The Holy Fravardegan or Muktad days this year will commence on 6th August and end on 15th August 2022. Zoroastrians believe that during this period, the fravashis of the righteous dead, come down from their spiritual world into this material world and bless all those who remember and pray for them. These last ten days of the Zoroastrian calendar (also known as Muktad days) are observed with great sanctity and piety by devout Zoroastrians. The term Muktad is derived from the Sanskrit term Mukt Atma or the free/liberated spirit.
Finer Nuances Of These Ten Days: These ten days of the Zoroastrian calendar begin on Roj Astad and end on Roj Aneran of the month of Aspandarmad, and to these last five days of the last month (Aspandarmad) we add five days of the Gatha. It is important to note that the five Gatha days are ‘stand-alone’ days and are neither suffixed to the last moth of the Zoroastrian calendar (Aspandarmad), nor prefixed to the first month of the Zoroastrian calendar (Fravardin). In short, the five Gatha days belong to no particular month in the Zoroastrian calendar of twelve months.
The Zoroastrian calendar has twelve months and each of these twelve months has thirty days making it a year of three hundred and sixty days. The addition of five Gatha days makes it a year of three hundred and sixty-five days. Since we do not observe the concept of a leap year, the Zoroastrian calendar slips behind the Gregorian calendar by one day every four years.
The first five days from Roj Ashtad to Roj Aneran are known as the Panj-i-Keh, (smaller days) and during these days the normal Baj, Afringan, Farokshi and Stum prayers are recited in honour of the Ardafravash.
The five Gatha days from Ahunavad to Vahishtoisht are called the Panj-i-Mah (greater days). These five days also mark the seasonal festival of the Hamaspathmaidyem Gahambar (to commemorate Ahura Mazda’s sixth creation i.e., human beings)! During the five Gatha days Baj, Afringan, Farokshi and Stum prayers are recited in honour of the Gatha as well as the Gahambar. Special Gahambar Jashans are also performed during these five days.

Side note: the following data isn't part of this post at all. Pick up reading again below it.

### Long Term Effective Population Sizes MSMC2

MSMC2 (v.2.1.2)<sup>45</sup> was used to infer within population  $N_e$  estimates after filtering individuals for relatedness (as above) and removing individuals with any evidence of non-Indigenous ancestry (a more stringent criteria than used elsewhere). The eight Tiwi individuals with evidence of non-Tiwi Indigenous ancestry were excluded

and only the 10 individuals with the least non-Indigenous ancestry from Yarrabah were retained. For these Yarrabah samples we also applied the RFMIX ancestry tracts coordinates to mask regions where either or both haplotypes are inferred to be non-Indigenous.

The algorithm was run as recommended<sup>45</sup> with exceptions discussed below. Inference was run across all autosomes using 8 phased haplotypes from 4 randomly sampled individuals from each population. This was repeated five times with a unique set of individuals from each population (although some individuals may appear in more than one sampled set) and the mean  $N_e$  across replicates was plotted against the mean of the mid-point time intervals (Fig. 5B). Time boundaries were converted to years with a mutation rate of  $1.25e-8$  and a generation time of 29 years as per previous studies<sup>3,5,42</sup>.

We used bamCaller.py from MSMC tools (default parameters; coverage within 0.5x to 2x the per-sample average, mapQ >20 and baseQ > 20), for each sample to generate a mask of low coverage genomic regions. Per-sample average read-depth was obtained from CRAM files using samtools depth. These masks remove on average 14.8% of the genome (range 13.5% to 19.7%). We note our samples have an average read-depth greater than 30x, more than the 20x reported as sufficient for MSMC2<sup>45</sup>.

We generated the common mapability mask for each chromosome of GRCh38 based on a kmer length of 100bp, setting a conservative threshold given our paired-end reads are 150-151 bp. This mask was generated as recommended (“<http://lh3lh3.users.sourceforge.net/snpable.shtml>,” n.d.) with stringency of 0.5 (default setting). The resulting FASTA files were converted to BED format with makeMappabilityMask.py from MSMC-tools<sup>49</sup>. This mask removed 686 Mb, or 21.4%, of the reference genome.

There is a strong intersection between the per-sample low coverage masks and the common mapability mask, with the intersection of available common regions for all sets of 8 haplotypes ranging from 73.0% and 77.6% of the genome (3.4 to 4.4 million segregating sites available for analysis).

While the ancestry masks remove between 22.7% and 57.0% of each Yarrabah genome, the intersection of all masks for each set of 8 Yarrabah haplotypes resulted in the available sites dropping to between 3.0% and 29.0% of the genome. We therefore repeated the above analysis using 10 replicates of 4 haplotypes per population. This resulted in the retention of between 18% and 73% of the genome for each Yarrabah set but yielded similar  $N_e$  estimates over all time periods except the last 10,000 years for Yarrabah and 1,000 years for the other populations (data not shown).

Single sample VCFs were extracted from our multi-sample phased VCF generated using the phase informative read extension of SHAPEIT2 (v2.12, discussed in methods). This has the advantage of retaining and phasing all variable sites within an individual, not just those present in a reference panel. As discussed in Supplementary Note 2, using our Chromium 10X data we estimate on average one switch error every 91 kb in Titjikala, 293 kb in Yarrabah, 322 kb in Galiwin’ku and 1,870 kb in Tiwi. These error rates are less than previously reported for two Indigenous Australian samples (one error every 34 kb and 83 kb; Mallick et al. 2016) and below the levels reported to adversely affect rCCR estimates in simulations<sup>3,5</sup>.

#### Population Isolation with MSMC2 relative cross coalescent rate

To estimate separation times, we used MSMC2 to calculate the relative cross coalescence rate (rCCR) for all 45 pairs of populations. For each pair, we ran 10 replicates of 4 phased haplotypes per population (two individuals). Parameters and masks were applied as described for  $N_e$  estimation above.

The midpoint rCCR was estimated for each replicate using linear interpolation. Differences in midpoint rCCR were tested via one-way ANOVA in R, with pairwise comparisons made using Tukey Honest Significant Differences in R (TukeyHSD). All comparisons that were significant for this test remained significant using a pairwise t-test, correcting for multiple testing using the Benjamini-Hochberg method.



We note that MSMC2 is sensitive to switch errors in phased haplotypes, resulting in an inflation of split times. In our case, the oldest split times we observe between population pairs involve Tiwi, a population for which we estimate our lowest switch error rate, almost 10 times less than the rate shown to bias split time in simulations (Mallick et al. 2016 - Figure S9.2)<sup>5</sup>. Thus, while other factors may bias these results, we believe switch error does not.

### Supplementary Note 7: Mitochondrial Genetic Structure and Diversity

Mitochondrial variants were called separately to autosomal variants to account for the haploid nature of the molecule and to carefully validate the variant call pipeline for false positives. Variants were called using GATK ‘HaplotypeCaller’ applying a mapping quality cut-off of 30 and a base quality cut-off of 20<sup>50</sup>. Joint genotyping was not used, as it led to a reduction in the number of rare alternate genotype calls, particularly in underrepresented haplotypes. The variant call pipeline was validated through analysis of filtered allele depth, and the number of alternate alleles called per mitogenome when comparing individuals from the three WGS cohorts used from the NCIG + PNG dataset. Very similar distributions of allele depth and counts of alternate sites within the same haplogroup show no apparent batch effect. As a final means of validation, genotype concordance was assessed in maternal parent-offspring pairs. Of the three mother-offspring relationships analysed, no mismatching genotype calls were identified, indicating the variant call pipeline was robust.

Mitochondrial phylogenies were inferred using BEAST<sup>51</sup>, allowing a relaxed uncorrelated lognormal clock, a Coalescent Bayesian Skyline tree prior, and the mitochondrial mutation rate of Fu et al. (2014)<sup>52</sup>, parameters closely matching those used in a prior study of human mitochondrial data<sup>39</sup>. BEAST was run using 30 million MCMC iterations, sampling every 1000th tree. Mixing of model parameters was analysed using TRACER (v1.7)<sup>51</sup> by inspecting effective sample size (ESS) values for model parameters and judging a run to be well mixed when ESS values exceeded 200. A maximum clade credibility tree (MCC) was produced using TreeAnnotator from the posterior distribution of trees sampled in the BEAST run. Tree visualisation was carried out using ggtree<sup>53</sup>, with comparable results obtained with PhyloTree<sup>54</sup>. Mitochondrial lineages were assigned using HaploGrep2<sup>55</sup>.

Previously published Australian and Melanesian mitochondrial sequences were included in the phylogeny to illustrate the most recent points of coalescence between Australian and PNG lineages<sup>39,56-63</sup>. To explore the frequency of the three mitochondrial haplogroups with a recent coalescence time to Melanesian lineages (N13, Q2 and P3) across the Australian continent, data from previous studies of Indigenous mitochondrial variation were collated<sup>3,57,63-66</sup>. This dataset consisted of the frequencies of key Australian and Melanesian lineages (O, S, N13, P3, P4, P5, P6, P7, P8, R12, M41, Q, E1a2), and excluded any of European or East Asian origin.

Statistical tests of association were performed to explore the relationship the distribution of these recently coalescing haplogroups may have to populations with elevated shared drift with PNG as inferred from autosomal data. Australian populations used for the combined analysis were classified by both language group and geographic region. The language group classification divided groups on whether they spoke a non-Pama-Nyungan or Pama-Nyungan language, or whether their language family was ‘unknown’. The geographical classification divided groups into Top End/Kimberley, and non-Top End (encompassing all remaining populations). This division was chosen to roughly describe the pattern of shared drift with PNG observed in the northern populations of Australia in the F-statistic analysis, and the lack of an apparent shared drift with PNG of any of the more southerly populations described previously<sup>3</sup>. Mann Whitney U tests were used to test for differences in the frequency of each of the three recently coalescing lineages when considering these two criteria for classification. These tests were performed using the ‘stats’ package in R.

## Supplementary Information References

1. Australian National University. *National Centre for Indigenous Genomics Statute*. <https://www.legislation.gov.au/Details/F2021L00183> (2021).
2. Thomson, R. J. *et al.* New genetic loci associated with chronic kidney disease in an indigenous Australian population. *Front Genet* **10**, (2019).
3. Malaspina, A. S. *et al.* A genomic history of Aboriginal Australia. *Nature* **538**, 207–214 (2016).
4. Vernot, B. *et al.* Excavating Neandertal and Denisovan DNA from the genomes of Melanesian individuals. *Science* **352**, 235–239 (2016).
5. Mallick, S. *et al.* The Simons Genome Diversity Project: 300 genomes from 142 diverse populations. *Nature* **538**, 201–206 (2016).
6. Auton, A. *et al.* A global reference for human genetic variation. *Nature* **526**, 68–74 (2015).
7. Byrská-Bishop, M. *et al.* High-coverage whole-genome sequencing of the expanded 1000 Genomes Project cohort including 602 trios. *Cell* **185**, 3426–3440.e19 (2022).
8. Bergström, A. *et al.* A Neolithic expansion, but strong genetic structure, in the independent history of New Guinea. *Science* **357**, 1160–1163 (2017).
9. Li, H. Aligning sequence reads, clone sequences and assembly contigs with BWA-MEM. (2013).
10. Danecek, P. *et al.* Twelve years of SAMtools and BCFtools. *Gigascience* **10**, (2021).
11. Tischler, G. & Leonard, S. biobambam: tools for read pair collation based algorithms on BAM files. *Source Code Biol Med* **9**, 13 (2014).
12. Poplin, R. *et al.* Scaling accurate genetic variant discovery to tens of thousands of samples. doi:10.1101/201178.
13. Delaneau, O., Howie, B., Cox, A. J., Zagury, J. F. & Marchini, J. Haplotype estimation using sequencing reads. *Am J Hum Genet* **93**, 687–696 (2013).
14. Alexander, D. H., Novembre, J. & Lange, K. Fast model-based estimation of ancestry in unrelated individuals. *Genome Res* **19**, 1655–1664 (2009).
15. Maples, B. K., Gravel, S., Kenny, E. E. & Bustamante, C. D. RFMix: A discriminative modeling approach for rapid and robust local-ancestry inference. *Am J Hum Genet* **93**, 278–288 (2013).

Ten Or Eighteen Days?
During my childhood, I remember the Muktad days being observed at my maternal grandmother’s house in Valsad (Gujarat) for eighteen instead of ten days. The Muktad vases would be kept in a separate room, which would be kept ritually clean through the year and priests would come home to pray daily. Throughout the day, members of the family would also offer prayers and incense and change the flowers in the vases daily. Zoroastrian neighbours from the mohalla (ours was known as Motta Parsi Waad) would also visit and offer obeisance to the fravashi of their dear departed neighbours.
The eighteen days Muktad would commence on Roj Ashishwangh of Mah Aspandarmad (incidentally my Roj Birthday) and conclude on the dawn of Roj Amardad of Mah Fravardin. Roj Ashishwangh was counted as the first (preparatory) day of the eighteen days festival. The Muktad rituals and prayers would commence the next day on Roj Astad and continue for ten days till the last Gatha day, which was observed as Pateti or the day to offer Patet or atone for one’s mistakes.
The next day would be the New Year or the first day (Roj Hormuzd) of the first month (Mah Fravardin). The third day of the New Year or Roj Ardibehesht would be the day to ceremonially consecrate Rapithwin, while the seventh day (Roj Khordad) would be celebrated as Khordadsaal and the eight-day (Roj Amardad) as Amardadsaal! All these festive days would aggregate eighteen days.